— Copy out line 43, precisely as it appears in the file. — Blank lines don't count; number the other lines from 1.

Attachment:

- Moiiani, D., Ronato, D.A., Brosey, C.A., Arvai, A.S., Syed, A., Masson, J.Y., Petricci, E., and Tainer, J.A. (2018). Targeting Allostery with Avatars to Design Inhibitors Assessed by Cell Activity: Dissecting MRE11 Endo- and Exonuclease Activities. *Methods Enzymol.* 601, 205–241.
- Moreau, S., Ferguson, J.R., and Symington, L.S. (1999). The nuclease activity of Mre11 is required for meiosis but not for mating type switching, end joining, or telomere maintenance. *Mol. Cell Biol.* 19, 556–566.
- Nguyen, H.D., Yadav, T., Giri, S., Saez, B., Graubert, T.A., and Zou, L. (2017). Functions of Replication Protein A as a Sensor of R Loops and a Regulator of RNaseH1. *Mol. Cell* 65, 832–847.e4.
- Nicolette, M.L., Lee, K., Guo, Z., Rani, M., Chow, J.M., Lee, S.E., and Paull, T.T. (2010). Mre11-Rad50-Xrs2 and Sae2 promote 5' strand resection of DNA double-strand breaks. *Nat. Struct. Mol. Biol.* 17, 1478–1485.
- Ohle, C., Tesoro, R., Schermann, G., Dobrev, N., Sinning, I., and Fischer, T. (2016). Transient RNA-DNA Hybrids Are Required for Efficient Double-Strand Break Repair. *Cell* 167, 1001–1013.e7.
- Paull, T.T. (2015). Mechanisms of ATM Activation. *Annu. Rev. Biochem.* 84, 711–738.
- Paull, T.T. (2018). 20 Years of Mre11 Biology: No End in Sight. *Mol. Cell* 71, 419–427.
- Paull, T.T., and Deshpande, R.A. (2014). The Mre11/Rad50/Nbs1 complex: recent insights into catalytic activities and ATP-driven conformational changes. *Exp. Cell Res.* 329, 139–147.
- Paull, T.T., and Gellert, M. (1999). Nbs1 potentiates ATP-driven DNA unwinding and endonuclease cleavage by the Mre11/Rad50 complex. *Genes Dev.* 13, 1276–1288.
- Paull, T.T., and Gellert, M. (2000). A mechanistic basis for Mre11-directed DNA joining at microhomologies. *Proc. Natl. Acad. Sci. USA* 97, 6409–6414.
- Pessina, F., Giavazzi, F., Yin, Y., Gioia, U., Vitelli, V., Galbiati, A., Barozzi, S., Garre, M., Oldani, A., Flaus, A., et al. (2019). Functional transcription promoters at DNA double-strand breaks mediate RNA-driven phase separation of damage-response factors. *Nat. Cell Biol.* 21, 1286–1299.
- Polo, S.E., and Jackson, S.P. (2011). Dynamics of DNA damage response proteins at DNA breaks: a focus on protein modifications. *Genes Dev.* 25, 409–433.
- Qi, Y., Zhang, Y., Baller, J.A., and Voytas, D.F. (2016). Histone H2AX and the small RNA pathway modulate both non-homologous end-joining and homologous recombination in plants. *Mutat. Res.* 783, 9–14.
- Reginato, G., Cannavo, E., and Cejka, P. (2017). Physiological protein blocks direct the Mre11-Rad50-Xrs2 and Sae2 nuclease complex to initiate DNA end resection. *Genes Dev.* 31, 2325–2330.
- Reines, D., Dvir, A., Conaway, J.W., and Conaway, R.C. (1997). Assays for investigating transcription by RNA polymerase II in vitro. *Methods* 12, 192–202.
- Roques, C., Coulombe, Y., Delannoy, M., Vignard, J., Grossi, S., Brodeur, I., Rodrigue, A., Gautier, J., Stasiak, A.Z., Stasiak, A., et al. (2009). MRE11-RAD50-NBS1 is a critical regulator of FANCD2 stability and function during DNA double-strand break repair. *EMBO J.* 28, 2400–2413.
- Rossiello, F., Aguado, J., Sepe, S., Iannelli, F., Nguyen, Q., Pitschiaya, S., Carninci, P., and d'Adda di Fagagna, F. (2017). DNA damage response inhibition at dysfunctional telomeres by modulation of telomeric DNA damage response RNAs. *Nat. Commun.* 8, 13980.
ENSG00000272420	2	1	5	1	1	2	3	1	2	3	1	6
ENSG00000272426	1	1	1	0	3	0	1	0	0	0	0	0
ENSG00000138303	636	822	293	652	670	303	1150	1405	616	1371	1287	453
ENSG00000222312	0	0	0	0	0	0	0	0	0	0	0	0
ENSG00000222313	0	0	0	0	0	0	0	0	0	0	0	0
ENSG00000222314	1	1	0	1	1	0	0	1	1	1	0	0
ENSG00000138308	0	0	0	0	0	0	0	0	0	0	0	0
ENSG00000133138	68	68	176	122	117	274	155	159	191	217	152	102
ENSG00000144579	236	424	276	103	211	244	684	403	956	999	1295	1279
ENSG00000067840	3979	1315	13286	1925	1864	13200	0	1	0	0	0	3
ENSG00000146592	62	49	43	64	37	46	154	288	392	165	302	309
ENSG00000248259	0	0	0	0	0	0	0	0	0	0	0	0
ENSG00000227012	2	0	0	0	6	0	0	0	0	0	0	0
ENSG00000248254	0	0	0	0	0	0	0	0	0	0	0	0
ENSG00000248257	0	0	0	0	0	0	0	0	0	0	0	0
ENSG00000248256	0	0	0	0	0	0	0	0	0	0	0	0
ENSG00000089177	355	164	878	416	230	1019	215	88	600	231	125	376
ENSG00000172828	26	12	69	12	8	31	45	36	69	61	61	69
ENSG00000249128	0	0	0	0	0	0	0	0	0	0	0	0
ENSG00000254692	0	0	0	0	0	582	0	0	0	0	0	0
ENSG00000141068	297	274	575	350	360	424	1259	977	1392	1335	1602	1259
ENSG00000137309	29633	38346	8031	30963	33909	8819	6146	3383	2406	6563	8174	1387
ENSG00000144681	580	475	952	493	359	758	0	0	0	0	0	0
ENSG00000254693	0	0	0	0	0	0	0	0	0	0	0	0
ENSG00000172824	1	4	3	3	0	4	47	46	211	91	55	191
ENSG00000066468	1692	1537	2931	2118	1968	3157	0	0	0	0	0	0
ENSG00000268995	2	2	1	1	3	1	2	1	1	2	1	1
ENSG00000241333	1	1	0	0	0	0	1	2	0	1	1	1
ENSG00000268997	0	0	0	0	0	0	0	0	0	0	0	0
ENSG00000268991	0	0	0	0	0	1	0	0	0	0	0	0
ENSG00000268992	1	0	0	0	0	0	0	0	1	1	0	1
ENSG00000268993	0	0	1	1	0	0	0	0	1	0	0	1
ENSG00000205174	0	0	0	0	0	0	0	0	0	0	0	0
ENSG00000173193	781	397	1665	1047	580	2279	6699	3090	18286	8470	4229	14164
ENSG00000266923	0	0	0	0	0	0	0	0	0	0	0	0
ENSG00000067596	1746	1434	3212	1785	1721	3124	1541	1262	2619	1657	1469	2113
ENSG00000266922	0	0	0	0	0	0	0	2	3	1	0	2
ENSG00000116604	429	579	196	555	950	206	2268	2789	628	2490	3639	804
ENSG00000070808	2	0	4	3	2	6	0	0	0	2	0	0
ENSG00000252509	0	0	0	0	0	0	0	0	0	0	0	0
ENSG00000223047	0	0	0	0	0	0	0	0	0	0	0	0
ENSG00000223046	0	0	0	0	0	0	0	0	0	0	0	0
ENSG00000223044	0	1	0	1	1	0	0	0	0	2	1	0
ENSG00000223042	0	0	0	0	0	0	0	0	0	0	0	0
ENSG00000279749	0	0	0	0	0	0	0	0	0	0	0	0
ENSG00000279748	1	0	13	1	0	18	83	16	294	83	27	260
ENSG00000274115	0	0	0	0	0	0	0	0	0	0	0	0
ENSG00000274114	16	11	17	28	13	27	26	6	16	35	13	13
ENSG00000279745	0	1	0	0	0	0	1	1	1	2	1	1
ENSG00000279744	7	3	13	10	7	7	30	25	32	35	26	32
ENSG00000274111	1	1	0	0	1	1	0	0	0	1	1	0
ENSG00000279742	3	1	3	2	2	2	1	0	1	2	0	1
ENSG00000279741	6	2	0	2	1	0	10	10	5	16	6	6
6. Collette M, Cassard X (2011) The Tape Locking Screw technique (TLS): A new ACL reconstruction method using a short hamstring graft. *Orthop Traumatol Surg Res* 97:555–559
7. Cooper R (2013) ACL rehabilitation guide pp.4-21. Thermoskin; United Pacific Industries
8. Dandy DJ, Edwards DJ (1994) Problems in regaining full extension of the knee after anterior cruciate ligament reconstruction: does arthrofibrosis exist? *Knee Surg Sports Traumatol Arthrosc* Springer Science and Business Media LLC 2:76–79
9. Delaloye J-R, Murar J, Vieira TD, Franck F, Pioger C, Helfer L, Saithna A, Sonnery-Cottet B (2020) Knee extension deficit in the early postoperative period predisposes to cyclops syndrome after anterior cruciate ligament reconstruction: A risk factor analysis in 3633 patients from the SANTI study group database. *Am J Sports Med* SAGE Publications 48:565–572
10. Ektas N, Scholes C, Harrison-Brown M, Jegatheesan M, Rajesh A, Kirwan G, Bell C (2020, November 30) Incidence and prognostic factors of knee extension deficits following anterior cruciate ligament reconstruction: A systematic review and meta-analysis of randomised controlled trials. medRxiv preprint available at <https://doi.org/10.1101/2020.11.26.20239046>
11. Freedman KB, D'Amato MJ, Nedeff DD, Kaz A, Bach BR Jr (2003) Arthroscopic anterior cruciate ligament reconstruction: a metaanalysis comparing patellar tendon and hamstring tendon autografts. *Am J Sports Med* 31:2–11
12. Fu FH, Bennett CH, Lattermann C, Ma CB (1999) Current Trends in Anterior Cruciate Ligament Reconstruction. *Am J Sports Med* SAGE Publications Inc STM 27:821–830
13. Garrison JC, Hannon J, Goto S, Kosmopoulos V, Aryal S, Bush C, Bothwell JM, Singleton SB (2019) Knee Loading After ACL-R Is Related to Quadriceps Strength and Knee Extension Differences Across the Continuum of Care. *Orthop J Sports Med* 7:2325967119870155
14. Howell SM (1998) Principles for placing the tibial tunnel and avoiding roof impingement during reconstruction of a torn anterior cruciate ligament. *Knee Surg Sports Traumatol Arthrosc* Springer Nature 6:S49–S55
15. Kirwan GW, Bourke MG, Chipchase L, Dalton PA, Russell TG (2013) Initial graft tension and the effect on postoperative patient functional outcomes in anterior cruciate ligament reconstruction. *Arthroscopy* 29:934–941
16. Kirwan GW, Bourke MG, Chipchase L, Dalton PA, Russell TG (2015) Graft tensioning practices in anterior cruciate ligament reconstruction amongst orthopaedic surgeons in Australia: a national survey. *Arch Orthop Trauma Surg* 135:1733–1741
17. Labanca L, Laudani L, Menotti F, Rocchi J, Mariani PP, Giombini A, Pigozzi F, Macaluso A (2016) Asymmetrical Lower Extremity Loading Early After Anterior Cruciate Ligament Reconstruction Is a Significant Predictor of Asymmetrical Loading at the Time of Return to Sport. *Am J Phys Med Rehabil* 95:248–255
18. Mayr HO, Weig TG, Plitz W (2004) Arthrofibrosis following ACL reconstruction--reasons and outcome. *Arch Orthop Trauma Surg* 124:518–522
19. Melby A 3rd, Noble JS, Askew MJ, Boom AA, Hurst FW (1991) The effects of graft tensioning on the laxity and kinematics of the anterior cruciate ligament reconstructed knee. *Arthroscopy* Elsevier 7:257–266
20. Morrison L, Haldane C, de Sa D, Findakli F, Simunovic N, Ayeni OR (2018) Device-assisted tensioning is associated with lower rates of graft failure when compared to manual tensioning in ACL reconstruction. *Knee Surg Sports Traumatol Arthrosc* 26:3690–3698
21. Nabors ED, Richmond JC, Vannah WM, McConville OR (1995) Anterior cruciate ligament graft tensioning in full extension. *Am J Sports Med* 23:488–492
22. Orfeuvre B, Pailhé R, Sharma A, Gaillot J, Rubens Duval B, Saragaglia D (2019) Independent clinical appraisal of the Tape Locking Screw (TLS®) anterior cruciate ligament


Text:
ENSG00000066468	1692	1537	2931	2118	1968	3157	0	0	0	0	0	0